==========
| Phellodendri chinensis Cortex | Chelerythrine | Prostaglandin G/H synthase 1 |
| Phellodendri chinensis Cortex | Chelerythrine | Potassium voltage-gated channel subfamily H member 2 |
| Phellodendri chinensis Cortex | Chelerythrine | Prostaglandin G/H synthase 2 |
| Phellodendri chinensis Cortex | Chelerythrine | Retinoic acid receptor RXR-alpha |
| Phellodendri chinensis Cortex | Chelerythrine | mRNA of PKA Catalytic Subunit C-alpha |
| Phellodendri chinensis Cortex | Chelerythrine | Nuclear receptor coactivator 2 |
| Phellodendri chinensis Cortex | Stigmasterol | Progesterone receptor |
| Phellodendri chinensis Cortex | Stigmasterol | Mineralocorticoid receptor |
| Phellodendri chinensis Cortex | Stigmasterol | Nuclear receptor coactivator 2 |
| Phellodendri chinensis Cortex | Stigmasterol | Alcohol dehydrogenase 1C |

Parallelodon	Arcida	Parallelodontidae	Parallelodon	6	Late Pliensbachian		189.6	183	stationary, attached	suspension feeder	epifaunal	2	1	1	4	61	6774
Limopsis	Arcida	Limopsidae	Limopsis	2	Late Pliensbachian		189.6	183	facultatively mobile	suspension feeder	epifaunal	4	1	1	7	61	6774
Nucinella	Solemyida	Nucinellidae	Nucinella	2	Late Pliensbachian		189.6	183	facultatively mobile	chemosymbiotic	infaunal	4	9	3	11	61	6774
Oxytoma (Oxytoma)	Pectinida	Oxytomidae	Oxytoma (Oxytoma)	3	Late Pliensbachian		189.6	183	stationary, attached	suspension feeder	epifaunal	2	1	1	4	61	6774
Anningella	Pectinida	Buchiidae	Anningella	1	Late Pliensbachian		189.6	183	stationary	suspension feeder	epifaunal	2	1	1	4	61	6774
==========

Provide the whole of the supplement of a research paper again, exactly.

| Phellodendri chinensis Cortex | Chelerythrine | Prostaglandin G/H synthase 1 |
| Phellodendri chinensis Cortex | Chelerythrine | Potassium voltage-gated channel subfamily H member 2 |
| Phellodendri chinensis Cortex | Chelerythrine | Prostaglandin G/H synthase 2 |
| Phellodendri chinensis Cortex | Chelerythrine | Retinoic acid receptor RXR-alpha |
| Phellodendri chinensis Cortex | Chelerythrine | mRNA of PKA Catalytic Subunit C-alpha |
| Phellodendri chinensis Cortex | Chelerythrine | Nuclear receptor coactivator 2 |
| Phellodendri chinensis Cortex | Stigmasterol | Progesterone receptor |
| Phellodendri chinensis Cortex | Stigmasterol | Mineralocorticoid receptor |
| Phellodendri chinensis Cortex | Stigmasterol | Nuclear receptor coactivator 2 |
| Phellodendri chinensis Cortex | Stigmasterol | Alcohol dehydrogenase 1C |

Parallelodon	Arcida	Parallelodontidae	Parallelodon	6	Late Pliensbachian		189.6	183	stationary, attached	suspension feeder	epifaunal	2	1	1	4	61	6774
Limopsis	Arcida	Limopsidae	Limopsis	2	Late Pliensbachian		189.6	183	facultatively mobile	suspension feeder	epifaunal	4	1	1	7	61	6774
Nucinella	Solemyida	Nucinellidae	Nucinella	2	Late Pliensbachian		189.6	183	facultatively mobile	chemosymbiotic	infaunal	4	9	3	11	61	6774
Oxytoma (Oxytoma)	Pectinida	Oxytomidae	Oxytoma (Oxytoma)	3	Late Pliensbachian		189.6	183	stationary, attached	suspension feeder	epifaunal	2	1	1	4	61	6774
Anningella	Pectinida	Buchiidae	Anningella	1	Late Pliensbachian		189.6	183	stationary	suspension feeder	epifaunal	2	1	1	4	61	6774